In the coming weeks, with Amy Coney Barrett now nominated to the Supreme Court, we are sure to hear a lot about “religious freedom.” Much of what we hear and read will link religious freedom to the conservative politics of the Republican Party. But the principle of religious freedom is by no means the sole domain of “conservative politics,” nor is it owned and operated by Republicans alone.
It is a non-partisan principle, a two-edged sword, so to speak, that cuts against and scrambles the nice, neat categories of the hyper-partisan politics of our day. This becomes clear if we look at its recent emergence onto the political scene and then at the full range of its potential applications.
The principle of religious freedom was set forth, of course, when the framers enshrined it in the First Amendment of the Constitution. There it stands as the so-called First Freedom, taking the lead among a litany of freedoms (speech, the press, assembly, and petition). It is expressed in the words: “Congress shall make no law respecting an establishment of religion, or prohibiting the free exercise thereof.”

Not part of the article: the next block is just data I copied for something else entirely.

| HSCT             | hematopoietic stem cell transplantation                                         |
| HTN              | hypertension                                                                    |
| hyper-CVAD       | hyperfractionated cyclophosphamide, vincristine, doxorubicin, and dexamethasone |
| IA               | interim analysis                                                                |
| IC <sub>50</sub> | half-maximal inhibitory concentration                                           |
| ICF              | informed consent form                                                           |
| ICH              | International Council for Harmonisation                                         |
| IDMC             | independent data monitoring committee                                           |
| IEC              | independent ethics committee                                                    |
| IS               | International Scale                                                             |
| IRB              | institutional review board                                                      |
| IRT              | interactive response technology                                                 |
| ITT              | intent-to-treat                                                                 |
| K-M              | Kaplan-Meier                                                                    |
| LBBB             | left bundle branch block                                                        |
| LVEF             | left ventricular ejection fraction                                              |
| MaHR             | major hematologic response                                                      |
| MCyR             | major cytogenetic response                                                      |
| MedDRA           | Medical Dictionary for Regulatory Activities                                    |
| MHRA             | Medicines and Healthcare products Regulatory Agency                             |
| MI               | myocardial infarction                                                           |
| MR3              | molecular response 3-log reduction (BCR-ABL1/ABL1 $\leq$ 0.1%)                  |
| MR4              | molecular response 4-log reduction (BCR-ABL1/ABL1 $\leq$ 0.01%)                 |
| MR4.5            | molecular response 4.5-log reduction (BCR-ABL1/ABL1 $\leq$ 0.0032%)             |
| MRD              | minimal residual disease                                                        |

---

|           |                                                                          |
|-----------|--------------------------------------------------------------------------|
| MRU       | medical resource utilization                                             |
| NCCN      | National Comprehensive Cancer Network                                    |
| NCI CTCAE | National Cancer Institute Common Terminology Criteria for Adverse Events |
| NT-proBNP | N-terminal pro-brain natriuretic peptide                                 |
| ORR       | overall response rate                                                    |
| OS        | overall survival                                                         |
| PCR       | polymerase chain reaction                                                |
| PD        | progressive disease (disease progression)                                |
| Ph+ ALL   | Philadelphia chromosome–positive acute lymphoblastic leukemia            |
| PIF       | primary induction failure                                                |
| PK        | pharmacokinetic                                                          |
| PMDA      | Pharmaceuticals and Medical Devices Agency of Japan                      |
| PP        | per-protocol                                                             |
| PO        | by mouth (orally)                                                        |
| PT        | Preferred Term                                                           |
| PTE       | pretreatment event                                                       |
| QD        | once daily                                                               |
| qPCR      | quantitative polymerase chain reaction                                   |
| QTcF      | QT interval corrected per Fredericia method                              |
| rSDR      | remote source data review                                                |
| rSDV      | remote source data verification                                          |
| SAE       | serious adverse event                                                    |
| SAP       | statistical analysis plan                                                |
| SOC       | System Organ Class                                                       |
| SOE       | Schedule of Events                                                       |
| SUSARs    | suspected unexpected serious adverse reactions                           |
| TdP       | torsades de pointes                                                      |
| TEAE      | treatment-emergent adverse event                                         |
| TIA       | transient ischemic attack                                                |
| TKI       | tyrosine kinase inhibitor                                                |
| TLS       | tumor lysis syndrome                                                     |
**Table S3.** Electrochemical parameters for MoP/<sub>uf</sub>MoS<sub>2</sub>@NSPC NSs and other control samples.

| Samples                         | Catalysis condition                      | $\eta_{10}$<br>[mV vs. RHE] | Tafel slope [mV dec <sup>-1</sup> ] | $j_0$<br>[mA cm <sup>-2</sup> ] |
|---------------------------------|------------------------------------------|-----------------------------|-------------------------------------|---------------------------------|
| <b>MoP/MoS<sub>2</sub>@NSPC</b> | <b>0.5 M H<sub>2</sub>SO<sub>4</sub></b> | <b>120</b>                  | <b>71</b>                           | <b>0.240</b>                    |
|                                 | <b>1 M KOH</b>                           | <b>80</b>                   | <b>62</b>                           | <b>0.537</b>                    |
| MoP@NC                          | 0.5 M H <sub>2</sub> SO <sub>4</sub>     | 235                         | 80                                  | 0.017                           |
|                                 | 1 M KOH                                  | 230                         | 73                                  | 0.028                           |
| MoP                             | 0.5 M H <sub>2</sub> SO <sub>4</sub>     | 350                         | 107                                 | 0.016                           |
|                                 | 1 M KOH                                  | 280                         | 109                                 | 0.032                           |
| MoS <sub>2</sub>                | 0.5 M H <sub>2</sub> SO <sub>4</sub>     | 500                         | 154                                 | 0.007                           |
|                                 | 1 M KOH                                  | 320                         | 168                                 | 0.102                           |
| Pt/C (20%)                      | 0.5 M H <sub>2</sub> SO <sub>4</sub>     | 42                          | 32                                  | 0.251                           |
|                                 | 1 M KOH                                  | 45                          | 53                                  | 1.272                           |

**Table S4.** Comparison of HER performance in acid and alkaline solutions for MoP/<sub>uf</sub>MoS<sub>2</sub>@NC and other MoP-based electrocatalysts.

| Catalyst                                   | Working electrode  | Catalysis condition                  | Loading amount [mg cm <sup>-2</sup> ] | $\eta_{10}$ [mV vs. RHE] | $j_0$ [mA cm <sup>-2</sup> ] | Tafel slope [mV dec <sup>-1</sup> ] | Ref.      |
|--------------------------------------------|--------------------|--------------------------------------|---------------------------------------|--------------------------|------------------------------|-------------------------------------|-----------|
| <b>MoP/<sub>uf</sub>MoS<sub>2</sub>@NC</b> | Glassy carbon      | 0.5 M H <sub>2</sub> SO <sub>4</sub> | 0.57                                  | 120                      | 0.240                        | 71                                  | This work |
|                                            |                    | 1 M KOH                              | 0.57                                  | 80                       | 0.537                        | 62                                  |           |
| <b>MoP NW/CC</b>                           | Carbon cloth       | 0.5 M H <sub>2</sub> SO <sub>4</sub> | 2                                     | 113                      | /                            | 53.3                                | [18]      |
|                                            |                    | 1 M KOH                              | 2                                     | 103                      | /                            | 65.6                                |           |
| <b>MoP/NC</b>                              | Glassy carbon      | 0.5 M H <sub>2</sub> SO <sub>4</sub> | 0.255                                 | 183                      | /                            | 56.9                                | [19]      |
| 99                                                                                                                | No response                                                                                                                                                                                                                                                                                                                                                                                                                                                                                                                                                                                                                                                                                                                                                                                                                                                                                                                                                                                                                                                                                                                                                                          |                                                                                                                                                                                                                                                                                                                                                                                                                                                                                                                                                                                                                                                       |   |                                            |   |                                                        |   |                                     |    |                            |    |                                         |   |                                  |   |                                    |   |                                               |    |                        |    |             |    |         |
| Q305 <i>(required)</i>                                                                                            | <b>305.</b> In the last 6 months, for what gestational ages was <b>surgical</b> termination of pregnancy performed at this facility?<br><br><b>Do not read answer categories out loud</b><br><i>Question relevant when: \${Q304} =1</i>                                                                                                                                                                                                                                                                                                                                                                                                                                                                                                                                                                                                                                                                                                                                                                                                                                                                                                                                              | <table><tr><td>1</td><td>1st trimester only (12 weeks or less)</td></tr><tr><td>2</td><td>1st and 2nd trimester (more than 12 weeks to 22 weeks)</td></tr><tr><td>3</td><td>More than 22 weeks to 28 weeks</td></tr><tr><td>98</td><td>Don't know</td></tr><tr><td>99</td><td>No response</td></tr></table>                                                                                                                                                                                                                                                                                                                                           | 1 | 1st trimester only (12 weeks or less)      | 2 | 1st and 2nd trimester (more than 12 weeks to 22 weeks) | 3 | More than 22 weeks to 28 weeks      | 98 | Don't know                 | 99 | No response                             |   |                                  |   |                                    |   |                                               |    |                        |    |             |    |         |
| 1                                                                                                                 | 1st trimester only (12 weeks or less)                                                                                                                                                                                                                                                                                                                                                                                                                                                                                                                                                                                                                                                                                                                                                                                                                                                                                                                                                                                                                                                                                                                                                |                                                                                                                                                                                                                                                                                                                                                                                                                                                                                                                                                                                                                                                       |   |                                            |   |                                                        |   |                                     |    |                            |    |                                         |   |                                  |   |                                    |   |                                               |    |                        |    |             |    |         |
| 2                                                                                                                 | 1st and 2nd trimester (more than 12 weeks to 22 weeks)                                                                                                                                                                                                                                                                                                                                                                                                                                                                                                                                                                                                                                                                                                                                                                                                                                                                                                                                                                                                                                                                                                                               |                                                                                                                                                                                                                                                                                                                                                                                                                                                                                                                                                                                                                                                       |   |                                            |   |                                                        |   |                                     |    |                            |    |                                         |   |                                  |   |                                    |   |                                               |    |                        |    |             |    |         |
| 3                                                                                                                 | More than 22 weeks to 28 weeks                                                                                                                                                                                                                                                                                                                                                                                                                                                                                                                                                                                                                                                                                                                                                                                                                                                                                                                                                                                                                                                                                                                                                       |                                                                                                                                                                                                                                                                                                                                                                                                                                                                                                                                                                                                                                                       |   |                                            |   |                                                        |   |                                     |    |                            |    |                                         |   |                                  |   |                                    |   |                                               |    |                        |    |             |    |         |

This brief formulation has vexed lawyers, judges, and legal scholars ever since, as they try to balance its two clauses, the establishment clause and the free exercise clause. But two centuries of legal argument took on a special urgency rather recently, when the Supreme Court handed down its notorious, much disputed Employment Division, Department of Human Resources of Oregon, v. Smith (1990).
"Religious Freedom: A Non-Partisan Principle for Hyper-Partisan Times."
— McGrath Institute (@McGrathND) October 6, 2020